January 30, 2014 |
"The Great Flood," an all-archival clip documentary revisiting the events and effects of the devastating Mississippi River flood of 1927, is by turns hypnotic, playful, wildly evocative and even a bit trippy. But most of all it's a unique, highly immersing audio-visual experience that would be as at home in a museum as it is in a movie theater - and that's a first-order compliment. Experimental filmmaker Bill Morrison ("Decasia," "The Miners' Hymns") has masterfully assembled a collage of silent, monochrome archival footage of this largely forgotten catastrophe - call it the Hurricane Katrina of its day - in which the Mississippi's levees broke in 145 places, engulfing 27,000 square miles of land from southern Illinois to New Orleans.
April 19, 2014 |
Matjames Metson's Silver Lake studio is in a 1930s Art Deco duplex perched atop a steep flight of aging, concrete stairs overlooking a cul-de-sac, which overlooks a hillside, which overlooks a bustling intersection that, from above, appears to be teeming with tiny toy cars and action-figure people. Inside, Metson's dusty, sunlit living room-turned-art studio is also full of tiny treasures. The assemblage artist builds intricate, architectural sculptures, wall hangings and furniture made from his abundant stash of objects, most of which he finds at estate sales.
December 27, 1987
EDITOR'S NOTE: These letters represent many of the best received by The Times in 1987, and reflect the leading issues and events discussed in Viewpoint during that period. Imagine my surprise when I tuned in the Fiesta Bowl, expecting to watch the two best college football teams in action, only to discover that a collage of the year's worst high school miscues was airing instead. Is that all $4.8 million buys these days? LON ATKINS Costa Mesa
May 26, 1989 |
Hannelore Baron's collages and box assemblages are wispy, dark, runic things that seem on the verge of whispering great truths. The self-taught artist, who died in New York in 1987, liked to work with scrap materials because she was intrigued by the very fact of their survival over the years. Accompanying the uneven, fraying rectangles and strips of yellowed paper and cloth--often pasted down demurely, side-by-side, or neatly layered--are images of faceless, sexless figures and scrawny, illegible lettering.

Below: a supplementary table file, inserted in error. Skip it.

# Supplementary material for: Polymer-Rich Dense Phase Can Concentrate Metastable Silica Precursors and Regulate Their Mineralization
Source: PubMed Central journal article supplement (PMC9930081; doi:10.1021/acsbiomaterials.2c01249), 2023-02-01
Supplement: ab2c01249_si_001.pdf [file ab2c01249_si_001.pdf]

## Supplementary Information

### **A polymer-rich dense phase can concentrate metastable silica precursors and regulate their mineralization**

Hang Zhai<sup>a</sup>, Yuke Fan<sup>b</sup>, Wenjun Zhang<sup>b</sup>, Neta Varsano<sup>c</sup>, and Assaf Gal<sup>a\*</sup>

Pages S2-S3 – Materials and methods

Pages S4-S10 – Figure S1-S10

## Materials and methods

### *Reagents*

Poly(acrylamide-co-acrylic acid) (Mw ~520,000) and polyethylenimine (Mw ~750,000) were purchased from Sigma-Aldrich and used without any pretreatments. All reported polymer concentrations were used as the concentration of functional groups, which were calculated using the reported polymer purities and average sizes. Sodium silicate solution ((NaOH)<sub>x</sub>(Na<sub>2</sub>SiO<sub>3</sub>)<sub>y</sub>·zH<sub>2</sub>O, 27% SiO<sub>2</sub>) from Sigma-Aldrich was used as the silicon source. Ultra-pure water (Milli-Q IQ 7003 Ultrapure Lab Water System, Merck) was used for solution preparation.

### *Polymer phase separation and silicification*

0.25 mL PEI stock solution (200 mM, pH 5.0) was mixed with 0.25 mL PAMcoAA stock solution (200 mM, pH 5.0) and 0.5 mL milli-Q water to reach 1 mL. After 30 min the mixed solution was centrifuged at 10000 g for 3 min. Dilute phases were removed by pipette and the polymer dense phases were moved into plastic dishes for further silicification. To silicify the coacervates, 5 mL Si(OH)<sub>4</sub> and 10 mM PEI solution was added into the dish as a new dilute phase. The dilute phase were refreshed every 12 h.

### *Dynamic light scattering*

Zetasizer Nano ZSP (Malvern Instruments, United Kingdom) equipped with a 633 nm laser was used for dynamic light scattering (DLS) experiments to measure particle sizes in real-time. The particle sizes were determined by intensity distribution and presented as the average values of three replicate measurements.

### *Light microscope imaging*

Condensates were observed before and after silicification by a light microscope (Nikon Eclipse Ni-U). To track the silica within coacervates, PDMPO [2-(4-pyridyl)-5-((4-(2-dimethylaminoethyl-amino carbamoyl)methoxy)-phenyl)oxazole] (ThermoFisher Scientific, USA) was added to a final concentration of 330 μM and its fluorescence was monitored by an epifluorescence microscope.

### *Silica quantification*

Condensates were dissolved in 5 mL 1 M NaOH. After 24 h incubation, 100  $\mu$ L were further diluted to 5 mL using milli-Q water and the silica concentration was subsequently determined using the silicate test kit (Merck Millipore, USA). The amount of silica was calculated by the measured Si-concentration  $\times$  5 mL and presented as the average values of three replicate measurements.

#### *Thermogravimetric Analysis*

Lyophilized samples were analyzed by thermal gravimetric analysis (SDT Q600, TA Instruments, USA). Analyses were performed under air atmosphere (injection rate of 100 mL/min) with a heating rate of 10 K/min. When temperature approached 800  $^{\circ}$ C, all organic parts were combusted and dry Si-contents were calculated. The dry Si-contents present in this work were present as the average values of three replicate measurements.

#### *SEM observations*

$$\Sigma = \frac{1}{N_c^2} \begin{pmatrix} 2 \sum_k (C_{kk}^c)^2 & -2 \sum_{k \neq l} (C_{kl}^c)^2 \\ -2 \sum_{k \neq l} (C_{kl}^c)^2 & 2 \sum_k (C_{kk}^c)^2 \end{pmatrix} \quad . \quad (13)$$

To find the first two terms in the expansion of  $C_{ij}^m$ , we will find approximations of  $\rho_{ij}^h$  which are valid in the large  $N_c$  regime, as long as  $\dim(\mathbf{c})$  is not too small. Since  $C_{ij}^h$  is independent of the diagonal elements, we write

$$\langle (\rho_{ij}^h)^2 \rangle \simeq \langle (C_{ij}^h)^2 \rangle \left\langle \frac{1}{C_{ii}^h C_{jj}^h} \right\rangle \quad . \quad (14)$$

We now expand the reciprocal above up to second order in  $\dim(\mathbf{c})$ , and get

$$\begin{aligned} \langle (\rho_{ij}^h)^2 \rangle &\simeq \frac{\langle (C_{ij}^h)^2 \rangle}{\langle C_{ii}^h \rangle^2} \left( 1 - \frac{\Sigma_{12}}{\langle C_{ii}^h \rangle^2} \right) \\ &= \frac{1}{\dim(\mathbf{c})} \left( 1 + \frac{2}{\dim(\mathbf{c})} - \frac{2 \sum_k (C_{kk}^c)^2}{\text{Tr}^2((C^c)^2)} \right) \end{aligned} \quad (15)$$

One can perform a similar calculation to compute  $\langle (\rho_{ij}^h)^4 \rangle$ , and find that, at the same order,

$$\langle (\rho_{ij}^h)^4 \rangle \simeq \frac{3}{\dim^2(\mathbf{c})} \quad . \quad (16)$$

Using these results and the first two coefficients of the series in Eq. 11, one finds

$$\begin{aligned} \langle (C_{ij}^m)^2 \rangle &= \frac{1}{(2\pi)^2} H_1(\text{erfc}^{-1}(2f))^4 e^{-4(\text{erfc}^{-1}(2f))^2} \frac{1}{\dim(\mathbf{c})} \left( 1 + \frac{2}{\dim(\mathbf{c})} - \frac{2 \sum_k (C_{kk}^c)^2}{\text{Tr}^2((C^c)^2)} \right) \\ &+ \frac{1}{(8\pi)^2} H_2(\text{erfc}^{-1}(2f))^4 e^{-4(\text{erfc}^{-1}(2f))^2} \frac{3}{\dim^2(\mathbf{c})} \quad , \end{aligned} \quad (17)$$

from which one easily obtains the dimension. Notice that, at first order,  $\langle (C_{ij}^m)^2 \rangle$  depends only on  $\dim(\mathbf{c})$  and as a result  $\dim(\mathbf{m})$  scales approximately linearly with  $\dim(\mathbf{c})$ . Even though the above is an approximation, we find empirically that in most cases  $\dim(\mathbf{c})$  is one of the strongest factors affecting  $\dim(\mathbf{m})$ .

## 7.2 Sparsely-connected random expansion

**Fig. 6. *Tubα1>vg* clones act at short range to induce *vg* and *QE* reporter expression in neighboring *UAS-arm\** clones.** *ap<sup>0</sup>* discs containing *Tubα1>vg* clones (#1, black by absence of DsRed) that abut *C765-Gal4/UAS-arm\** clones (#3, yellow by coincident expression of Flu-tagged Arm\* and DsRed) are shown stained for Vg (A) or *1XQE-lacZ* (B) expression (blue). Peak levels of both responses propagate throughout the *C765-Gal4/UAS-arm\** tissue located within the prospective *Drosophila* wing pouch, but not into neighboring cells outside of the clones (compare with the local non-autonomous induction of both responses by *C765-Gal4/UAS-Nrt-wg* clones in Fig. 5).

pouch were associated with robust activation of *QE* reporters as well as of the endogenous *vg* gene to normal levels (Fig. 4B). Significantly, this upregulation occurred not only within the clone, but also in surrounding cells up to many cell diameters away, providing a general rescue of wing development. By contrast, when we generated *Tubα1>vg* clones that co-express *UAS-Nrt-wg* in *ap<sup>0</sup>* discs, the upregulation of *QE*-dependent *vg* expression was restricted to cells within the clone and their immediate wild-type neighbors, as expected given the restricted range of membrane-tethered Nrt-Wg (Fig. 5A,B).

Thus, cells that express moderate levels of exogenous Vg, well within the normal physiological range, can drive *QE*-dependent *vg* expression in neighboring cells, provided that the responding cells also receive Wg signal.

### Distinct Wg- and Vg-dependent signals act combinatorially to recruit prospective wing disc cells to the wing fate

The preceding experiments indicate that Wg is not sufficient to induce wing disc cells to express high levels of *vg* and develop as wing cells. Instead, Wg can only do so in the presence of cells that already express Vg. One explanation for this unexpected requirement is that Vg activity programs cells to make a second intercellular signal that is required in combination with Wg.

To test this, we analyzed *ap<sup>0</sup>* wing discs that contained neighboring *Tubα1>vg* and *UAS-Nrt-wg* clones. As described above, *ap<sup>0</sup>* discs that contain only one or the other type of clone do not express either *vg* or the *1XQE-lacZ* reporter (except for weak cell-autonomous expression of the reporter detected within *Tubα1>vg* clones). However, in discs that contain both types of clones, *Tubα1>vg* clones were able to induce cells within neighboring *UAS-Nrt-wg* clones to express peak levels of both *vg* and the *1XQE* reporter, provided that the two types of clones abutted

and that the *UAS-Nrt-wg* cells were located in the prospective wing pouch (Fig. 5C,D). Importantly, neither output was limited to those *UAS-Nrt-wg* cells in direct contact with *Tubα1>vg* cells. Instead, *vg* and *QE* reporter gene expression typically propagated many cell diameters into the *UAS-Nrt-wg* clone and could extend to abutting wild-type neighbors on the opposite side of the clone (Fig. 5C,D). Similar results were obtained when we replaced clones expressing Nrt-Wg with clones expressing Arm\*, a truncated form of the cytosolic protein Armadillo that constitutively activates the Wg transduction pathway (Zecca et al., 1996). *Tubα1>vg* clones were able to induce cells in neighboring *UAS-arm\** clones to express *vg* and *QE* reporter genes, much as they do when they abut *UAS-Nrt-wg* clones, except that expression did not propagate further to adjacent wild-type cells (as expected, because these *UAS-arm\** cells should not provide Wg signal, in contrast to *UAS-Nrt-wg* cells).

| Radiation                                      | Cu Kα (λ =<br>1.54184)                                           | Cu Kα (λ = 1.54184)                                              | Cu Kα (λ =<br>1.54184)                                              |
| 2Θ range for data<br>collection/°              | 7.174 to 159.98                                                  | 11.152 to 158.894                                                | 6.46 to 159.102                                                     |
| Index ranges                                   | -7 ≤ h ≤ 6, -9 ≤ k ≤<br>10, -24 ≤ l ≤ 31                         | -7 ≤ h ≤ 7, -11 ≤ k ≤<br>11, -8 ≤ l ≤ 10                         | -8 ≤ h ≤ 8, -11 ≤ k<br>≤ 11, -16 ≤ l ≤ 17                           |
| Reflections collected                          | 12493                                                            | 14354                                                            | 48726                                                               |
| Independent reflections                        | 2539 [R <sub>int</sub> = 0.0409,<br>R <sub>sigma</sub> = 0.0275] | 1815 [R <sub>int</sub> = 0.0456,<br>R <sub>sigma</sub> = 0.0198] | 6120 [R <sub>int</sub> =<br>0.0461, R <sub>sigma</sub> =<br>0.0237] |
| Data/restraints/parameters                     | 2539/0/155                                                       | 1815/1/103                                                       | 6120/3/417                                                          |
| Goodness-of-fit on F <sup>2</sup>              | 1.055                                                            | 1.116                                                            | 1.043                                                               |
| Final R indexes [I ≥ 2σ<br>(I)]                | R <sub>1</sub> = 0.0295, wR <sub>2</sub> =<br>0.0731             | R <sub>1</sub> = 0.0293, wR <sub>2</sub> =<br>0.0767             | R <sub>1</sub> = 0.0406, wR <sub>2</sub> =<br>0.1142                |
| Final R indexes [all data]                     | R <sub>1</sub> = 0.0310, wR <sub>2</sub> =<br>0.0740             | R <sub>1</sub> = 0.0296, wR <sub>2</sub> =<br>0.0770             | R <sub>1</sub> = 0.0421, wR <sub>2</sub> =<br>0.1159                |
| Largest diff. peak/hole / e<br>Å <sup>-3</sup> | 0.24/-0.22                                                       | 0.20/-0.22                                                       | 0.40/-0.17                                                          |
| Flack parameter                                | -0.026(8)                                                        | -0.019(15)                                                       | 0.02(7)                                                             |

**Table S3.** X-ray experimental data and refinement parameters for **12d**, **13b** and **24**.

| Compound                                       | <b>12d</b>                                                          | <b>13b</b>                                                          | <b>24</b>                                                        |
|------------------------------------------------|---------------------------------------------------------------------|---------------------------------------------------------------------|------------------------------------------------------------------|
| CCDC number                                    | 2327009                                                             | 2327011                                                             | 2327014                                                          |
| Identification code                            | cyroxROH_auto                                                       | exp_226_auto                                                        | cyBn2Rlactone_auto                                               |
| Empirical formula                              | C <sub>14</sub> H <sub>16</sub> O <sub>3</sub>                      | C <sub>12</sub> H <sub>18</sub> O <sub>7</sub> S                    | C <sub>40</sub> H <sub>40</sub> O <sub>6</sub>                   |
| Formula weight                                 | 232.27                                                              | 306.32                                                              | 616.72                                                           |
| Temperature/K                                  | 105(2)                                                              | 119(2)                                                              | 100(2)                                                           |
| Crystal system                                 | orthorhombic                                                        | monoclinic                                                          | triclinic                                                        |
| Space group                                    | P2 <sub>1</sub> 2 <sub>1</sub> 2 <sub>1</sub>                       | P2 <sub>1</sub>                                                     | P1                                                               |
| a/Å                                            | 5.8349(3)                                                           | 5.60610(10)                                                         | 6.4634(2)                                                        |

June 12, 2008 |
Fifteen years may seem like a long time in today's art world, but it was exactly 15 years ago that critic Dave Hickey predicted the onslaught of "beauty" among artists of the 1990s. (Or more precisely, "the language of visual effect, the rhetoric of how things look, the iconography of desire.") He was right, of course, although one could argue over why. Was it because we had grown tired of "idea" art? Or because buyers were demanding more lush and decorative works? Whichever the case, things haven't changed much.
August 20, 1995
As someone who was working as a fund-raiser at the Mark Taper Forum at the time, I can tell you that in the days leading up to the premiere of "Angels in America," Tony Kushner was about as terrified as a man can be without falling over dead ("The Play That Made Us Gasp," by Lawrence Christon, Aug. 6). He knew he had something, he just didn't think it was that big of a something, and he was sincerely worried that the Taper would lose its shirt. When I mentioned to him that I was certain he would win the Pulitzer Prize, he said, "I'll bet you $100 I don't."